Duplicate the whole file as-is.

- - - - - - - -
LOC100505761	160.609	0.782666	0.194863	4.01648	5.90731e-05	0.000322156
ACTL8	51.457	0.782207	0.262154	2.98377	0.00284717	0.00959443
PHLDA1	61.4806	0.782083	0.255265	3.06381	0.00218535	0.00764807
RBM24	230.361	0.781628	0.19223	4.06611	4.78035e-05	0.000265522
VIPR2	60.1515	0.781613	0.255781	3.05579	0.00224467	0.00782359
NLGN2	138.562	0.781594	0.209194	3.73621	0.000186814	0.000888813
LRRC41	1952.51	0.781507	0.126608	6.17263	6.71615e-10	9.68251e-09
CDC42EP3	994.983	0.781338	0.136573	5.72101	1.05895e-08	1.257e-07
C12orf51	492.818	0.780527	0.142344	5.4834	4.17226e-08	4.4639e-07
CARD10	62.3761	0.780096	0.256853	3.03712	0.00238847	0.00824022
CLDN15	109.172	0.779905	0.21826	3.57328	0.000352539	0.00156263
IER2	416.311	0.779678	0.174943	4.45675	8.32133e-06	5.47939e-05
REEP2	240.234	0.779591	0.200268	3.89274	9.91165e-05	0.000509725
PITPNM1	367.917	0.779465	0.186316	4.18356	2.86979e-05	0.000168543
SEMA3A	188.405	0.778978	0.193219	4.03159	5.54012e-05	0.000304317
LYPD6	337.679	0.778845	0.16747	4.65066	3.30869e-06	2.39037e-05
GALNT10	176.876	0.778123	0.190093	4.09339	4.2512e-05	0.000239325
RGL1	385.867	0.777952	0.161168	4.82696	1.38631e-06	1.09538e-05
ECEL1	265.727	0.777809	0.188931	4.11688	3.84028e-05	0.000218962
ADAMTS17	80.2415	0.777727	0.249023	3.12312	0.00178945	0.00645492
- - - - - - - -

LOC100505761	160.609	0.782666	0.194863	4.01648	5.90731e-05	0.000322156
ACTL8	51.457	0.782207	0.262154	2.98377	0.00284717	0.00959443
PHLDA1	61.4806	0.782083	0.255265	3.06381	0.00218535	0.00764807
RBM24	230.361	0.781628	0.19223	4.06611	4.78035e-05	0.000265522
VIPR2	60.1515	0.781613	0.255781	3.05579	0.00224467	0.00782359
NLGN2	138.562	0.781594	0.209194	3.73621	0.000186814	0.000888813
LRRC41	1952.51	0.781507	0.126608	6.17263	6.71615e-10	9.68251e-09
CDC42EP3	994.983	0.781338	0.136573	5.72101	1.05895e-08	1.257e-07
C12orf51	492.818	0.780527	0.142344	5.4834	4.17226e-08	4.4639e-07
CARD10	62.3761	0.780096	0.256853	3.03712	0.00238847	0.00824022
CLDN15	109.172	0.779905	0.21826	3.57328	0.000352539	0.00156263
IER2	416.311	0.779678	0.174943	4.45675	8.32133e-06	5.47939e-05
REEP2	240.234	0.779591	0.200268	3.89274	9.91165e-05	0.000509725
PITPNM1	367.917	0.779465	0.186316	4.18356	2.86979e-05	0.000168543
SEMA3A	188.405	0.778978	0.193219	4.03159	5.54012e-05	0.000304317
LYPD6	337.679	0.778845	0.16747	4.65066	3.30869e-06	2.39037e-05
GALNT10	176.876	0.778123	0.190093	4.09339	4.2512e-05	0.000239325
RGL1	385.867	0.777952	0.161168	4.82696	1.38631e-06	1.09538e-05
ECEL1	265.727	0.777809	0.188931	4.11688	3.84028e-05	0.000218962
ADAMTS17	80.2415	0.777727	0.249023	3.12312	0.00178945	0.00645492